Materials for renovations are expensive. Another way your credit can be affected is by running up high credit card balances, regardless of your payment history. You want to stay in a lower credit utilization rate (30% and below) to avoid a dip in your credit score.
Experian describes a credit utilization rate as “…how much you currently owe divided by your credit limit.” What this ultimately does is show your credit issuer that you are not overspending and are responsible with your credit and money. Luckily, running up your balance is temporary, and your score will improve with a lower reported balance. However, this will not always change your score immediately.
Financial Tips for Flipping Houses
Every investor has their own needs, and knowing what they are and how to finance them is key to turning a profit. There are ways of ensuring your credit does not suffer when flipping a house and to help you prepare for your investment:
- Do not add new lines of credit: if you plan to purchase and flip a house, it is wise not to apply for consumer credit cards. Doing so makes you a liability because it shows that you have a various line of credit where you can fall into debt.
This causes your credit score to decrease. It is better to have only a few credit lines open that are long-standing with good payment history. Close any lines of credit you are not using as well.
- Do not go over your credit limits: buying materials for renovations can rack up a large bill, but not exceeding your credit limit is crucial for your credit score. Even if it is only by a small amount, your credit can drop significantly. According to Rehab Financial Group, even if your credit issuer provides the overage protection, it will still affect your credit score.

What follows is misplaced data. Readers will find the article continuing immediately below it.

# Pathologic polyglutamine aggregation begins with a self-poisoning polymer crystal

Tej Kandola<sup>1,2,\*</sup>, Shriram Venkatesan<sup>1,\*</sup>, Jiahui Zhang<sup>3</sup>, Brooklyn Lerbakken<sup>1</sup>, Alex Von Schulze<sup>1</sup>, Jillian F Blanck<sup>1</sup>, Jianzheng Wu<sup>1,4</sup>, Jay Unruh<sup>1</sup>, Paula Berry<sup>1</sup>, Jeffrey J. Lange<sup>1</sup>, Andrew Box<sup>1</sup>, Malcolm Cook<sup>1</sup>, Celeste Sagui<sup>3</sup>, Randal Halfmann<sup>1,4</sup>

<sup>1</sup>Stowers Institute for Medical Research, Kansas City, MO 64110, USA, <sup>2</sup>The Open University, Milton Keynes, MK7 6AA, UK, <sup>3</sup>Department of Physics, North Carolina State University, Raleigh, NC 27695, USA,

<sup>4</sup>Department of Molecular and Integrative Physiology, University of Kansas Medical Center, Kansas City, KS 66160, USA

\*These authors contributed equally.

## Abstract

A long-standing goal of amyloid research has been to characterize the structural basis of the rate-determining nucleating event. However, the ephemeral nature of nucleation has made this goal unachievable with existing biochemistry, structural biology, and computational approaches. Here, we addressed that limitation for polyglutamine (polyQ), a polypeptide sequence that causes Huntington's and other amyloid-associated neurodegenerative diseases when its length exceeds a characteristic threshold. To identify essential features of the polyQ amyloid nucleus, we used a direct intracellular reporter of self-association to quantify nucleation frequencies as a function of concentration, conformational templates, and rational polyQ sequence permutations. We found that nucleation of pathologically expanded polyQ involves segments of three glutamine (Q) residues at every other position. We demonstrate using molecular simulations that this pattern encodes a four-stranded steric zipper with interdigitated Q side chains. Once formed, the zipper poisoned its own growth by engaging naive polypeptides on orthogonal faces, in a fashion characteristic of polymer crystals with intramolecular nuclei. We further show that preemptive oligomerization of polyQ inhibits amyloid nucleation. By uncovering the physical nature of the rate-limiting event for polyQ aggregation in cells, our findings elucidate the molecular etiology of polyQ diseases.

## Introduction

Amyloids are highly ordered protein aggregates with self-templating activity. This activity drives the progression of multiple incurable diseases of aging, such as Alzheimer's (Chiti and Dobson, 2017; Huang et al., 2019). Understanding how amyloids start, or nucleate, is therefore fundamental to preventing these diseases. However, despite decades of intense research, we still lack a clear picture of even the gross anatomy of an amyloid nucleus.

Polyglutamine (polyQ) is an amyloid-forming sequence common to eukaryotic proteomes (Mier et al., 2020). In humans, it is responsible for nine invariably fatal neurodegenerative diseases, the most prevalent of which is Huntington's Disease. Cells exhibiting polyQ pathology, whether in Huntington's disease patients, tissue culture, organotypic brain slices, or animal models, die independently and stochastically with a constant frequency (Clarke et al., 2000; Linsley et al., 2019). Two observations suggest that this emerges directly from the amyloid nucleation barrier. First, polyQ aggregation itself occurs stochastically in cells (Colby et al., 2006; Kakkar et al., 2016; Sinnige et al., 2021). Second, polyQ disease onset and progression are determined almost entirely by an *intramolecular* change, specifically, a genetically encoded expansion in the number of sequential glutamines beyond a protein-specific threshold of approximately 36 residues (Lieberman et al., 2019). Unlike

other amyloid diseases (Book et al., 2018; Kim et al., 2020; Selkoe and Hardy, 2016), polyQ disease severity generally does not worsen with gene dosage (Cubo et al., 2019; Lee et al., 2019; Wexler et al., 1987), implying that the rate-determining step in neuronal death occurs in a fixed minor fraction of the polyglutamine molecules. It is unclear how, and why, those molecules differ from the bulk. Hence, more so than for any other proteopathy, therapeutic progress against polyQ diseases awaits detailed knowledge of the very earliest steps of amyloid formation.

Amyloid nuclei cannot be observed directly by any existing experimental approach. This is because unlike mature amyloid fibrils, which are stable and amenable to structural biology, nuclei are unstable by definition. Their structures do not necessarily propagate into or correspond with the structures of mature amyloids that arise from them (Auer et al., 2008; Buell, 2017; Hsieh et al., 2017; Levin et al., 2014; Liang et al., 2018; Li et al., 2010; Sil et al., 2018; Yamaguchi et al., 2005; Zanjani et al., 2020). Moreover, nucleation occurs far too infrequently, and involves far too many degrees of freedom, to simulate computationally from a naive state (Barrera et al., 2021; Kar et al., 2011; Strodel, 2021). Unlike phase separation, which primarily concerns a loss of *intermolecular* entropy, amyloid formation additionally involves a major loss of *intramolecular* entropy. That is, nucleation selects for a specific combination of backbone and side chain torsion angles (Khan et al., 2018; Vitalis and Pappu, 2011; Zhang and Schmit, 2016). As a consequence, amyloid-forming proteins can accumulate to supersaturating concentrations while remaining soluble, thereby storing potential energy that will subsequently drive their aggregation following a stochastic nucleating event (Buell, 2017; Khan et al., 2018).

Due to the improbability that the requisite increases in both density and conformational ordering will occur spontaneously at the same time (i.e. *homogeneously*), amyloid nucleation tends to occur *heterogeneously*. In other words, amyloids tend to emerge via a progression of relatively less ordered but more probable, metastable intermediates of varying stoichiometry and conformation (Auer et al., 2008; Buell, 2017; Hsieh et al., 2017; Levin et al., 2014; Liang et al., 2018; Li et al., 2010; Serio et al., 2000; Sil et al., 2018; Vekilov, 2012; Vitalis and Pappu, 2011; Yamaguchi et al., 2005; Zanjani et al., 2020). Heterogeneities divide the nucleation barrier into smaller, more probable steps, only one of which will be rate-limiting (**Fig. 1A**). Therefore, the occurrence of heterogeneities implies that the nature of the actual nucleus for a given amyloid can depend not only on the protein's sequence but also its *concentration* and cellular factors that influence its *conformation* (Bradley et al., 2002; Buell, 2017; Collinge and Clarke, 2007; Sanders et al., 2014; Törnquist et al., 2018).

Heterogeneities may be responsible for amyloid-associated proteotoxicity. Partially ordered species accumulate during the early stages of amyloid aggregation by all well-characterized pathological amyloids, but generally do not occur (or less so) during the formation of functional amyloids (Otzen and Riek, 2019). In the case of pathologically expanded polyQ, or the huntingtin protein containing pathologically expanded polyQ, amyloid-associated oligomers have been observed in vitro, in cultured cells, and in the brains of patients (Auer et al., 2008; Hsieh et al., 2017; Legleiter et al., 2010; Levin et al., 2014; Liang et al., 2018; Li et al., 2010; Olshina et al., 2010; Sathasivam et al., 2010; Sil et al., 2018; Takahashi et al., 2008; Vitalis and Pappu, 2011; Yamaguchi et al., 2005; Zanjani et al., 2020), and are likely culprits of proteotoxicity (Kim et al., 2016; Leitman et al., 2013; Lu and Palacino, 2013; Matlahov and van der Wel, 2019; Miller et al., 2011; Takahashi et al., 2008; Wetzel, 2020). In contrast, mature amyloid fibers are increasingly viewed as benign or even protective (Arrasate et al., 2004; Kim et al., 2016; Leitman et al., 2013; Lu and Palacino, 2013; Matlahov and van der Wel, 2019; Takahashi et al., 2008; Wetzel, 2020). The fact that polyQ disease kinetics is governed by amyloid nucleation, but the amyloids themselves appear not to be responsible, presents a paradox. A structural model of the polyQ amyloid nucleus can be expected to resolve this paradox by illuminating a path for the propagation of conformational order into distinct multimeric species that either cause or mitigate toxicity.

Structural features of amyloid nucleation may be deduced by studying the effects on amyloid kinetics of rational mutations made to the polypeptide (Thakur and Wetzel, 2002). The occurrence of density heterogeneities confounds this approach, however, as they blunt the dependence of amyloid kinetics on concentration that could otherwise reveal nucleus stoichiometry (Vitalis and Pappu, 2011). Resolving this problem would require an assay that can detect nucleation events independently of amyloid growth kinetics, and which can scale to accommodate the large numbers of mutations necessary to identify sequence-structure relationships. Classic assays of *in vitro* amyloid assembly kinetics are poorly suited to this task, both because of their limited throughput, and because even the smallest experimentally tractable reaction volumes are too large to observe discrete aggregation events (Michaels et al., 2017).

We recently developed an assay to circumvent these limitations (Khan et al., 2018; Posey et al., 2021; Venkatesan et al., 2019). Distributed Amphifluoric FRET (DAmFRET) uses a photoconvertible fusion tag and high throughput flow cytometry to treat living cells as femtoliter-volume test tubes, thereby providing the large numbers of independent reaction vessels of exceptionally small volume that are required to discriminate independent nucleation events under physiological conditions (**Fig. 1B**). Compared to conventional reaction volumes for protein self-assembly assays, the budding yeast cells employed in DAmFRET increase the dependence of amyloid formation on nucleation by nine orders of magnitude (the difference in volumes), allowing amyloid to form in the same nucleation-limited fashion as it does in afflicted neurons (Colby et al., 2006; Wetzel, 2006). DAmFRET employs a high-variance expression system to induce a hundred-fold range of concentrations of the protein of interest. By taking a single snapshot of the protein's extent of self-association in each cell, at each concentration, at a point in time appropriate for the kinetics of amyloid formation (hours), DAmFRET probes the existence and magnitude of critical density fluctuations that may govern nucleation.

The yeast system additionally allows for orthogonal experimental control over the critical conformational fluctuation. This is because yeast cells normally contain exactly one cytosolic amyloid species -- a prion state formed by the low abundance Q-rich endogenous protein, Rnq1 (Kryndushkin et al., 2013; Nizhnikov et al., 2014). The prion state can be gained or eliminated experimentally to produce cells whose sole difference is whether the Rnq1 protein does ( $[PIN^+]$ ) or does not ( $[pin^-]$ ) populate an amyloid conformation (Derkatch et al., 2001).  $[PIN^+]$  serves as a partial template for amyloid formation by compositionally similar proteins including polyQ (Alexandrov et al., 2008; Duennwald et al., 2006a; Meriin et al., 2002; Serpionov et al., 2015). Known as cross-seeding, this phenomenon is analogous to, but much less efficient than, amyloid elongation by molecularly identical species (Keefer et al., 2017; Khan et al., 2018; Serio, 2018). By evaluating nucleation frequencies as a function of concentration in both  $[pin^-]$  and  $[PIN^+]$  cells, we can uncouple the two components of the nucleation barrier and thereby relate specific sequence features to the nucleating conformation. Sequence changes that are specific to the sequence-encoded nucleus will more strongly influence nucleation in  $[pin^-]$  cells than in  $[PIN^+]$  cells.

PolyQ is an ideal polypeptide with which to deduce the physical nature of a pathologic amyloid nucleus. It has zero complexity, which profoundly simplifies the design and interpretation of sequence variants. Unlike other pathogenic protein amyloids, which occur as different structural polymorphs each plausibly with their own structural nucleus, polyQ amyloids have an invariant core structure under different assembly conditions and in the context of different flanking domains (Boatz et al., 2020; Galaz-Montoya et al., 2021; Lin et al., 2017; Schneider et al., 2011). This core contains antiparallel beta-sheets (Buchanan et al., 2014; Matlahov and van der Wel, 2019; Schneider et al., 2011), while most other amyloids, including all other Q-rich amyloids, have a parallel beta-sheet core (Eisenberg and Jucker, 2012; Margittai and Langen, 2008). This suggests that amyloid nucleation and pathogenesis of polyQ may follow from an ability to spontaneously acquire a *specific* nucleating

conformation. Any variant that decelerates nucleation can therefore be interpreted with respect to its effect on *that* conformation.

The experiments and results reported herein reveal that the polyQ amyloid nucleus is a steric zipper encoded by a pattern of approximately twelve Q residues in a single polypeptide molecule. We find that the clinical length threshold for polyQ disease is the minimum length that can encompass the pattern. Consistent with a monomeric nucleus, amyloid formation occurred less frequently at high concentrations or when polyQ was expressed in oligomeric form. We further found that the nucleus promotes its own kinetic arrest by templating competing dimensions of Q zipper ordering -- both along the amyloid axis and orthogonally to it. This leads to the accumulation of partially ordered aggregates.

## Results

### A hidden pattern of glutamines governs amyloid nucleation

- Use cash when you can: cash is a great method of payment because it will not cause you to overspend—creating or adding to the debt. Many investors may only accept down payments in cash as a way to protect themselves from going into too much debt if the project does not work out.
- Follow the 70% rule: when you find a potential house to purchase, it is said that you should not pay more than 70% of the ARV (after repair value) of the house subtracted by the estimated cost of repairs. This is to ensure you are not overpaying for a property in order to maximize your profit.
For example, if your ARV is $200,000 and the house needs $45,000 in repairs, you should not pay more than $95,000 for the property to avoid overpaying.
- Know and understand your finance options: a common mistake new house flippers make is purchasing a house without understanding the ins and outs of house financing. Know the various ways and types of loans that can be obtained before purchasing a property and how you will purchase it.
Thank you to Lexington law for providing this post. I have been flipping houses for many years and never made a late payment on anything. Yet my credit score is not as high as you would think due to many of these factors. Banks will still lend to me, and my credit is not bad, but if you have credit that is borderline, you need to be careful when flipping houses not to drop it lower.